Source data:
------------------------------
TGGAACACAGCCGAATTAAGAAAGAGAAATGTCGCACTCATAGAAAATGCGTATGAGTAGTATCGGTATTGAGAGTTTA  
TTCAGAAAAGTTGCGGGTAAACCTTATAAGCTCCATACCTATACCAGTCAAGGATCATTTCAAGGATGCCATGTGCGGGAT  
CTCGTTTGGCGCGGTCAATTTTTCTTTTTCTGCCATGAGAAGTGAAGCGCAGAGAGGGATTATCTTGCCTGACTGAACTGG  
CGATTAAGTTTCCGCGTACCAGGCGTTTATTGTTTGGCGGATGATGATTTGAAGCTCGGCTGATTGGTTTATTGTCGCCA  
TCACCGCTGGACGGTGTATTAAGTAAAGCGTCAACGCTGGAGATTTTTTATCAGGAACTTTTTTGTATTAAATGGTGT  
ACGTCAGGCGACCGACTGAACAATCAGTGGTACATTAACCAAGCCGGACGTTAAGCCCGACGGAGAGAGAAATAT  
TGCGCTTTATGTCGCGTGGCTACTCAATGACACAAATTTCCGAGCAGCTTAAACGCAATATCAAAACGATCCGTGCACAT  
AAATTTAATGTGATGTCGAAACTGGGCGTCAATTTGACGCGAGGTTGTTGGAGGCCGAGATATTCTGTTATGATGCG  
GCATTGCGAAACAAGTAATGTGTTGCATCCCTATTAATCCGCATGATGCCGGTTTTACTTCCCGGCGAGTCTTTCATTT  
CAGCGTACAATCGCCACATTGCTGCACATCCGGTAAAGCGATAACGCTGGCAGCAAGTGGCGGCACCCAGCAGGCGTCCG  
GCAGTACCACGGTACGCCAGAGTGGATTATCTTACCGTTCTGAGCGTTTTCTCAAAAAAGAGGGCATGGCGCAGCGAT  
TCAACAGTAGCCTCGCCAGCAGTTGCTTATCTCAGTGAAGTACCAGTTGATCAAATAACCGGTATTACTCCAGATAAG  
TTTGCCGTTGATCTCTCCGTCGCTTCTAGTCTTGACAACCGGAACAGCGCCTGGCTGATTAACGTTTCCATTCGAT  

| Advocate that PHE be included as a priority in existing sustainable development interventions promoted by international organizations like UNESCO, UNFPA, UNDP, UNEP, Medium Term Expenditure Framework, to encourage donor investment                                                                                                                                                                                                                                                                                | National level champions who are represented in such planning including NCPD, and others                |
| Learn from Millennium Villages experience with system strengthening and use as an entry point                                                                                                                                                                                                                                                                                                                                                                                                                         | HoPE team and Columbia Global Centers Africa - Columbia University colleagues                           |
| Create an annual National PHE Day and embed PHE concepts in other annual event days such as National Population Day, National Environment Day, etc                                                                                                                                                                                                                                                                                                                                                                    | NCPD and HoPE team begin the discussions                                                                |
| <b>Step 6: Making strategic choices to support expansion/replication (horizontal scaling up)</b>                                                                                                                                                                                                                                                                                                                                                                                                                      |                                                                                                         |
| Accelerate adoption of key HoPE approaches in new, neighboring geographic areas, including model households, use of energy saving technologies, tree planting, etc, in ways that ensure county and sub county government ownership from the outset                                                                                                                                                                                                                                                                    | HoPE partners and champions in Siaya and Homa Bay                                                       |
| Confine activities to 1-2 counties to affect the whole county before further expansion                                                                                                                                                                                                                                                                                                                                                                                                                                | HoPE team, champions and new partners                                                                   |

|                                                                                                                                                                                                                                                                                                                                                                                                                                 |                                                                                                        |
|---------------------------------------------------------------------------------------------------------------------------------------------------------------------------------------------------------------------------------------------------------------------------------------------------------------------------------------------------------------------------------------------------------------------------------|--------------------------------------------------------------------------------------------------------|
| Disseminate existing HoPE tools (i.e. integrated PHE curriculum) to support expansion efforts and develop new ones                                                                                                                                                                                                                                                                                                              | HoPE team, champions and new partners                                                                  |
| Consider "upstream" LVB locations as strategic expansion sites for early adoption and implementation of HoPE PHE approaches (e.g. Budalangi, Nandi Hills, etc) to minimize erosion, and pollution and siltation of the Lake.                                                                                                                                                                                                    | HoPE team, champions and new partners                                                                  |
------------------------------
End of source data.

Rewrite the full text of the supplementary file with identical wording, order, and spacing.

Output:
TGGAACACAGCCGAATTAAGAAAGAGAAATGTCGCACTCATAGAAAATGCGTATGAGTAGTATCGGTATTGAGAGTTTA  
TTCAGAAAAGTTGCGGGTAAACCTTATAAGCTCCATACCTATACCAGTCAAGGATCATTTCAAGGATGCCATGTGCGGGAT  
CTCGTTTGGCGCGGTCAATTTTTCTTTTTCTGCCATGAGAAGTGAAGCGCAGAGAGGGATTATCTTGCCTGACTGAACTGG  
CGATTAAGTTTCCGCGTACCAGGCGTTTATTGTTTGGCGGATGATGATTTGAAGCTCGGCTGATTGGTTTATTGTCGCCA  
TCACCGCTGGACGGTGTATTAAGTAAAGCGTCAACGCTGGAGATTTTTTATCAGGAACTTTTTTGTATTAAATGGTGT  
ACGTCAGGCGACCGACTGAACAATCAGTGGTACATTAACCAAGCCGGACGTTAAGCCCGACGGAGAGAGAAATAT  
TGCGCTTTATGTCGCGTGGCTACTCAATGACACAAATTTCCGAGCAGCTTAAACGCAATATCAAAACGATCCGTGCACAT  
AAATTTAATGTGATGTCGAAACTGGGCGTCAATTTGACGCGAGGTTGTTGGAGGCCGAGATATTCTGTTATGATGCG  
GCATTGCGAAACAAGTAATGTGTTGCATCCCTATTAATCCGCATGATGCCGGTTTTACTTCCCGGCGAGTCTTTCATTT  
CAGCGTACAATCGCCACATTGCTGCACATCCGGTAAAGCGATAACGCTGGCAGCAAGTGGCGGCACCCAGCAGGCGTCCG  
GCAGTACCACGGTACGCCAGAGTGGATTATCTTACCGTTCTGAGCGTTTTCTCAAAAAAGAGGGCATGGCGCAGCGAT  
TCAACAGTAGCCTCGCCAGCAGTTGCTTATCTCAGTGAAGTACCAGTTGATCAAATAACCGGTATTACTCCAGATAAG  
TTTGCCGTTGATCTCTCCGTCGCTTCTAGTCTTGACAACCGGAACAGCGCCTGGCTGATTAACGTTTCCATTCGAT  

| Advocate that PHE be included as a priority in existing sustainable development interventions promoted by international organizations like UNESCO, UNFPA, UNDP, UNEP, Medium Term Expenditure Framework, to encourage donor investment                                                                                                                                                                                                                                                                                | National level champions who are represented in such planning including NCPD, and others                |
| Learn from Millennium Villages experience with system strengthening and use as an entry point                                                                                                                                                                                                                                                                                                                                                                                                                         | HoPE team and Columbia Global Centers Africa - Columbia University colleagues                           |
| Create an annual National PHE Day and embed PHE concepts in other annual event days such as National Population Day, National Environment Day, etc                                                                                                                                                                                                                                                                                                                                                                    | NCPD and HoPE team begin the discussions                                                                |
| <b>Step 6: Making strategic choices to support expansion/replication (horizontal scaling up)</b>                                                                                                                                                                                                                                                                                                                                                                                                                      |                                                                                                         |
| Accelerate adoption of key HoPE approaches in new, neighboring geographic areas, including model households, use of energy saving technologies, tree planting, etc, in ways that ensure county and sub county government ownership from the outset                                                                                                                                                                                                                                                                    | HoPE partners and champions in Siaya and Homa Bay                                                       |
| Confine activities to 1-2 counties to affect the whole county before further expansion                                                                                                                                                                                                                                                                                                                                                                                                                                | HoPE team, champions and new partners                                                                   |

|                                                                                                                                                                                                                                                                                                                                                                                                                                 |                                                                                                        |
|---------------------------------------------------------------------------------------------------------------------------------------------------------------------------------------------------------------------------------------------------------------------------------------------------------------------------------------------------------------------------------------------------------------------------------|--------------------------------------------------------------------------------------------------------|
| Disseminate existing HoPE tools (i.e. integrated PHE curriculum) to support expansion efforts and develop new ones                                                                                                                                                                                                                                                                                                              | HoPE team, champions and new partners                                                                  |
| Consider "upstream" LVB locations as strategic expansion sites for early adoption and implementation of HoPE PHE approaches (e.g. Budalangi, Nandi Hills, etc) to minimize erosion, and pollution and siltation of the Lake.                                                                                                                                                                                                    | HoPE team, champions and new partners                                                                  |